SANTA MARTA, Colombia- “Who couldn’t like Santa Marta?” Wade Davis spoke in a film about the Kogi indigenous people of northeastern Colombia. My reply: “Me.” Against my own position that a traveler needs at least three days in any location to be warranted an opinion on it, my visit to Santa Marta lasted less than a half [...]
SANTA MARTA, Colombia- “Who couldn’t like Santa Marta?” Wade Davis spoke in a film about the Kogi indigenous people of northeastern Colombia.
My reply: “Me.”
Against my own position that a traveler needs at least three days in any location to be warranted an opinion on it, my visit to Santa Marta lasted less than a half hour before jumping a taxi and escaping to the bus terminal. Few places on this planet have struck me as being so awful, onerous, and, yes, dangerous, upon arrival.
The stories and travel warnings have been going out about Santa Marta for years, testaments from people who have been robbed at gun point in broad daylight circulate the traveler communities, but, like most of these scardy cat warnings, I could not honor them until it almost happened to me.
My wife, daughter, and I arrived at the market in Santa Marta by bus from Palomino. We were dropped off near Calle 11 and made our way for the hotels scattered on Calle 10C. On our map, these two streets run parallel to each other, so when I found Calle 10 right next to Calle 11, I concluded that it was our street — though it did not have the “C” suffix attached to it. Perhaps it turns to 10C farther down?
We walked toward the coast on Calle 10 with all of our baggage. With each block the scene before us grew worse — garbage, disrepair, defunct lowlifes sitting on curbs yelling out to us. The shit of Latin America to the tenth power.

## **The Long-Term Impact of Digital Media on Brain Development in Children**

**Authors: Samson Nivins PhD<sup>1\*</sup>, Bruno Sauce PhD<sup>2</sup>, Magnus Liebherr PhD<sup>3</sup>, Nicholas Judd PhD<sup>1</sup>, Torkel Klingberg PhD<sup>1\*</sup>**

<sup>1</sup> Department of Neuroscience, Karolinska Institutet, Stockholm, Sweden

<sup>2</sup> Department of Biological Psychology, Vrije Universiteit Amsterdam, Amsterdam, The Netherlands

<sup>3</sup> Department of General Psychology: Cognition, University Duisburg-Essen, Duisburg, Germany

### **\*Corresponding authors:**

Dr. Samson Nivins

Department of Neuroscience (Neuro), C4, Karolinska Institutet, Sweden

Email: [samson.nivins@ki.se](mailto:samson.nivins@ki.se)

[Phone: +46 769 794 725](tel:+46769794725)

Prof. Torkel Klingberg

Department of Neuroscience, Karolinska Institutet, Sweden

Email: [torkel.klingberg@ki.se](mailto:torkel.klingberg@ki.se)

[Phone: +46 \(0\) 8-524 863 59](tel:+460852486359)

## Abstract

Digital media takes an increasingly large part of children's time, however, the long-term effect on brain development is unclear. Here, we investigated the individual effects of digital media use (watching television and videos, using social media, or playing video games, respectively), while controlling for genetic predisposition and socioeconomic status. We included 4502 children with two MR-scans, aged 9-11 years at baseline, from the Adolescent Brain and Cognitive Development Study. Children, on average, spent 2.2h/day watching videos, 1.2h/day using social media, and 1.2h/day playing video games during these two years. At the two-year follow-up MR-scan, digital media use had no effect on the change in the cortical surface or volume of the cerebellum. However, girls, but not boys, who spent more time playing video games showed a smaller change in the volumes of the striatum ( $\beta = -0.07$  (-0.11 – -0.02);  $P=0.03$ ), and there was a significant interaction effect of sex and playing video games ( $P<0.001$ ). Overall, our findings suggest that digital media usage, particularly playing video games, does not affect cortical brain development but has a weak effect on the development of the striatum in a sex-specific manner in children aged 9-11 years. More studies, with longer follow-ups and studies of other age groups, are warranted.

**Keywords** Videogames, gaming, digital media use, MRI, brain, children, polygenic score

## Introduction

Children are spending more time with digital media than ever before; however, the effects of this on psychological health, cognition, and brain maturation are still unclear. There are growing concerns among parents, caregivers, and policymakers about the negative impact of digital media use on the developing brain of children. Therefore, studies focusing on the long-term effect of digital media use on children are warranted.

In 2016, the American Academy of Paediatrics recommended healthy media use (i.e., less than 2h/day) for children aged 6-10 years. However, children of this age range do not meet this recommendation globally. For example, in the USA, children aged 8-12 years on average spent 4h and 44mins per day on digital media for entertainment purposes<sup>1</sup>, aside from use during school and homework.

“This area isn’t looking too good,” my wife commented.
“Maybe Calle 10 doesn’t turn into Calle 10C,” I admitted a possible error in my judgement.
But we were just a few blocks from being near where the hotels we were shooting for would have been, so we kept walking. It was the middle of the day — maybe noon — not a bad time for walking around most places on the planet.
Then a large, tough looking guy with a machete jumped out in front of us. But as he swung his large blade in our faces, he did not issue threats but a warning:
“You can’t walk here,” he spoke boldly.
Get the f’ck out of my way, I muttered to myself and kept walking. It is not often that I stop in my tracks and listen to men swinging machetes, but when I saw what he was referring to I stopped dead and stood at attention.
Before us, on the next street corner was a group of maybe 20 young men, they were shirtless, looked listless, and appeared to be waiting for us. I have to admit that they looked pretty f’cking tough, not the crowd I want to be walking through with all of my baggage, money, wife, and kid.
The big guy with the machete again jumped in front of me and held out his blade sideways as though it was a gate. He was nearly using force to prevent me from walking into eminent doom.
“You can’t walk here, they will kill you, they will rob you” he spoke in Spanish as he swiped his forefinger quickly across his neck. “Where are you going?”
I told him the name of the hotel we were making way for.
“It is on this street, right?”
“No, it is three blocks that way,” he pointed to the west. “Follow me, I will show you.”
The guy with the machete then led the way to the nearest street corner and pointed us in the proper direction of our destination.
“Walk three corners then turn right.”
We thanked him, and continued on. I admit, being saved by a street tough flailing a machete was a new experience.
We then found the street we should have been on. We looked down it and it did not look much better than the area where we were nearly assaulted. I looked at my wife, she looked at me.
“Do you really want to stay here?” she asked.
To be honest, I can go anywhere in the world, and, without a higher motive, I am not going to stay in a city where a wayward walk of only three blocks can land me in the middle of a street gang. We got out of Santa Marta.